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Re-Engineering Water Storage in the Everglades: Risks and Opportunities      Water-Quality Considerations   38      Conventional Surface Reservoirs   39      Kissimmee Basin   40      Water-Quality Considerations   41      EAA and Vicinity   42      Water-Quality Considerations   42      Upper East Coast   43      Water-Quality Considerations   43      Other Technologies and Strategies   44      Aquifer Storage and Recovery   44      Water-Quality Considerations   47      In-Ground Reservoirs   49      Water-Quality Considerations   51      Seepage Management   53      Environmental Considerations   55      Water Reuse and Conservation   55      Water-Quality Considerations   57      Summary and Comparison   58 3   CROSS-CUTTING ISSUES   62      Sequencing   62      Protect Against Additional Habitat Loss   62      Provide Ecological Benefits as Early as Possible   63      System Uncertainties   65      Endangered Species   67      Invasive and Irruptive Species   68      Disappearance of Unique Everglades Communities   70      Loss of Tree Islands and Ridge-and-Slough Topography   70      Expansion of Eutrophic Conditions   71      Mercury Deposition, Mobilization, and Bioaccumulation   73      Regional Climate Change and Sea-Level Rise   75      Contingency Planning   75      Adaptive Management   76      Sustainability of the Restoration Plan   77      Application of Rehabilitation Approach to Evaluation of Everglades Restoration Options   81 4   RECONSIDERING AVAILABLE STORAGE OPTIONS   83      Everglades Agricultural Area   84      Can Lake Okeechobee Provide More Water Storage?   84      Brief History and Site Description   85      Water Quality of Lake Okeechobee   87      Restoration Alternatives for Lake Okeechobee   90 5   EVALUATING ECOLOGICAL TRADEOFFS   93      Introduction   93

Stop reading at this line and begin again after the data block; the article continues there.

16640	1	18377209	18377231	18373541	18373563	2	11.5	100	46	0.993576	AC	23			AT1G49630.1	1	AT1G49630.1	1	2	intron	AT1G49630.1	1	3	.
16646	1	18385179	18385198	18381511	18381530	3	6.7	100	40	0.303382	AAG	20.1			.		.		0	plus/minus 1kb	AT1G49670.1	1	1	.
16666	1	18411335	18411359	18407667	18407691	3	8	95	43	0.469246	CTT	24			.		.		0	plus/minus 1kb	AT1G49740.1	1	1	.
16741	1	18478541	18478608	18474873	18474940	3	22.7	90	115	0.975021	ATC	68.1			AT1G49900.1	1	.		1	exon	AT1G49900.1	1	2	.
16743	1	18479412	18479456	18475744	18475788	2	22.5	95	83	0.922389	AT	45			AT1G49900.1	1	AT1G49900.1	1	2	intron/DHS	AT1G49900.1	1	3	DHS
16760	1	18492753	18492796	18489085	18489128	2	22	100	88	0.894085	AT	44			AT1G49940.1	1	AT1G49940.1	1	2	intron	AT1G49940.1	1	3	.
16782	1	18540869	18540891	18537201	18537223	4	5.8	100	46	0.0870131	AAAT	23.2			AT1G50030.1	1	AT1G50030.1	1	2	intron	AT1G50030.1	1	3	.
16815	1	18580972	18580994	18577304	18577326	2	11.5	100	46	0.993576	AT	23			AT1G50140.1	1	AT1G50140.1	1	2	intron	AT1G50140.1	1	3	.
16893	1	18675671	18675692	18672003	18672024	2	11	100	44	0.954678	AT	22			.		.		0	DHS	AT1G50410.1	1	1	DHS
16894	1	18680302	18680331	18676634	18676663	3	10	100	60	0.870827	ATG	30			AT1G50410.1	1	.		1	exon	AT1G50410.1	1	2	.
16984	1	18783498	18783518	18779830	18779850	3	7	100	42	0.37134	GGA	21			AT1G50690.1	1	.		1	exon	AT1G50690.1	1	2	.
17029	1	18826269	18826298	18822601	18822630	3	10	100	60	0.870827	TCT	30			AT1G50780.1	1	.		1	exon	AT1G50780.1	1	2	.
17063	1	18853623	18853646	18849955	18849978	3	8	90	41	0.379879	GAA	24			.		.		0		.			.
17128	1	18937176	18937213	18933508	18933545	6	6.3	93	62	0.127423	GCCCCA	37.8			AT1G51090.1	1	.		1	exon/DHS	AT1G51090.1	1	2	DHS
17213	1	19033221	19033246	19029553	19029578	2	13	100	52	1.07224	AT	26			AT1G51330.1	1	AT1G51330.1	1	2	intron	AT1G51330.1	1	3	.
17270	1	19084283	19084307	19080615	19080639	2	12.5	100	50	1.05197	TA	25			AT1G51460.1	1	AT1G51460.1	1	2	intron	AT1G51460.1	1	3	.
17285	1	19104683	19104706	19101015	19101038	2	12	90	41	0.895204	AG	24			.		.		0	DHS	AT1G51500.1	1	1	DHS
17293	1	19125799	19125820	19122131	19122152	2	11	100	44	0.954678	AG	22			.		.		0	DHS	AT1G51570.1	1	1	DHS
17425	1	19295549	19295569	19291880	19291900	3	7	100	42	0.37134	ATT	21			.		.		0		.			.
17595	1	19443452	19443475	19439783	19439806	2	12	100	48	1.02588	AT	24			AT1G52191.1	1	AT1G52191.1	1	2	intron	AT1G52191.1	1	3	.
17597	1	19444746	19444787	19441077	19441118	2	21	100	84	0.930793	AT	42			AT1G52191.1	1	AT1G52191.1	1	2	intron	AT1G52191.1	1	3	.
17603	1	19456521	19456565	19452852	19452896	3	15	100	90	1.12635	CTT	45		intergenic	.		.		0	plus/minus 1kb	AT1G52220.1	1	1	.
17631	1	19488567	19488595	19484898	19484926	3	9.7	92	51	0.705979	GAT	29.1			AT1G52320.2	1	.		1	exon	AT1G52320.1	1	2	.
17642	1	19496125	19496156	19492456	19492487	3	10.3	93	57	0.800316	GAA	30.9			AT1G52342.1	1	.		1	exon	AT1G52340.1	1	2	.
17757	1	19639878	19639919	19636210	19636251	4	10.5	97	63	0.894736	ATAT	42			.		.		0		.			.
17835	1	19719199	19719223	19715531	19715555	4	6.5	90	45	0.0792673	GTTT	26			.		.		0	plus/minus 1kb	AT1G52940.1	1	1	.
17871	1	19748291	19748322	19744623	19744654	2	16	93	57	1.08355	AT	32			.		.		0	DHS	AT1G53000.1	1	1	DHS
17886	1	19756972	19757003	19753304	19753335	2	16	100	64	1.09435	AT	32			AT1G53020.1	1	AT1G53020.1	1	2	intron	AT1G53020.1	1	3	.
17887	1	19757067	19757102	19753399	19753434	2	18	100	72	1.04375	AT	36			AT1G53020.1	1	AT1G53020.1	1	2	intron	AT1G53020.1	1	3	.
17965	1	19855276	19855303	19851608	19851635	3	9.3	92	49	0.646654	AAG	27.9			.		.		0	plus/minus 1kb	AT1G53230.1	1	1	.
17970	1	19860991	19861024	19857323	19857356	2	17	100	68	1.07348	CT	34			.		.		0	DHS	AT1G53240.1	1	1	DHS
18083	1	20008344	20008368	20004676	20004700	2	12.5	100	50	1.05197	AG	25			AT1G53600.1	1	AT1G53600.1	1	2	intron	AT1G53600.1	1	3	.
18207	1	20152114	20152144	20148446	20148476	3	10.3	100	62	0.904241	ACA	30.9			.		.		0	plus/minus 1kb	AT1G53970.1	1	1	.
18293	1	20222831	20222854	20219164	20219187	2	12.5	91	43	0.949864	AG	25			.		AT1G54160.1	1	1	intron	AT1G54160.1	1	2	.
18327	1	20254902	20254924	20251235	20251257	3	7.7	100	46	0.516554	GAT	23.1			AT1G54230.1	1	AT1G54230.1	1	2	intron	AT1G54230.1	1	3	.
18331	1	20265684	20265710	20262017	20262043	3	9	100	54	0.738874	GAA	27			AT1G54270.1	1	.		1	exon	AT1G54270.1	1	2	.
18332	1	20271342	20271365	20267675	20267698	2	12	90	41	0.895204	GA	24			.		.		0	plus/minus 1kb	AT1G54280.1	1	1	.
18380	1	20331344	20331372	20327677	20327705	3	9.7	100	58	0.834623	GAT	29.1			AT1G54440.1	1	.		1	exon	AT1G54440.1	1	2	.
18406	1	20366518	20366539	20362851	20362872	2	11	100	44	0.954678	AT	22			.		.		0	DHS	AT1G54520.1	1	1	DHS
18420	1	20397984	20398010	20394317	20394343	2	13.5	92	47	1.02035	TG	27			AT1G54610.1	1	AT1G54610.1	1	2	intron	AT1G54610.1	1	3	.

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Re-Engineering Water Storage in the Everglades: Risks and Opportunities      Characteristics of System Performance Measure   94      A Conceptual System Performance Measure   95      Measuring System Restoration Performance   95      Application of Proposed System Performance Measure   96      Simple Hypothetical Example of the Use of a System Performance Indicator   96 6   FINDINGS AND RECOMMENDATIONS   100     REFERENCES CITED   103     APPENDIXES     Appendix A:   Master Implementation Sequencing Plan Compared to Initial Restudy Schedule   115 Appendix B:   Water Science and Technology Board and Board on Environmental Studies and Toxicology Rosters   120 Appendix C:   Biographical Sketches of Members of the Committee on Restoration of the Greater Everglades Ecosystem   122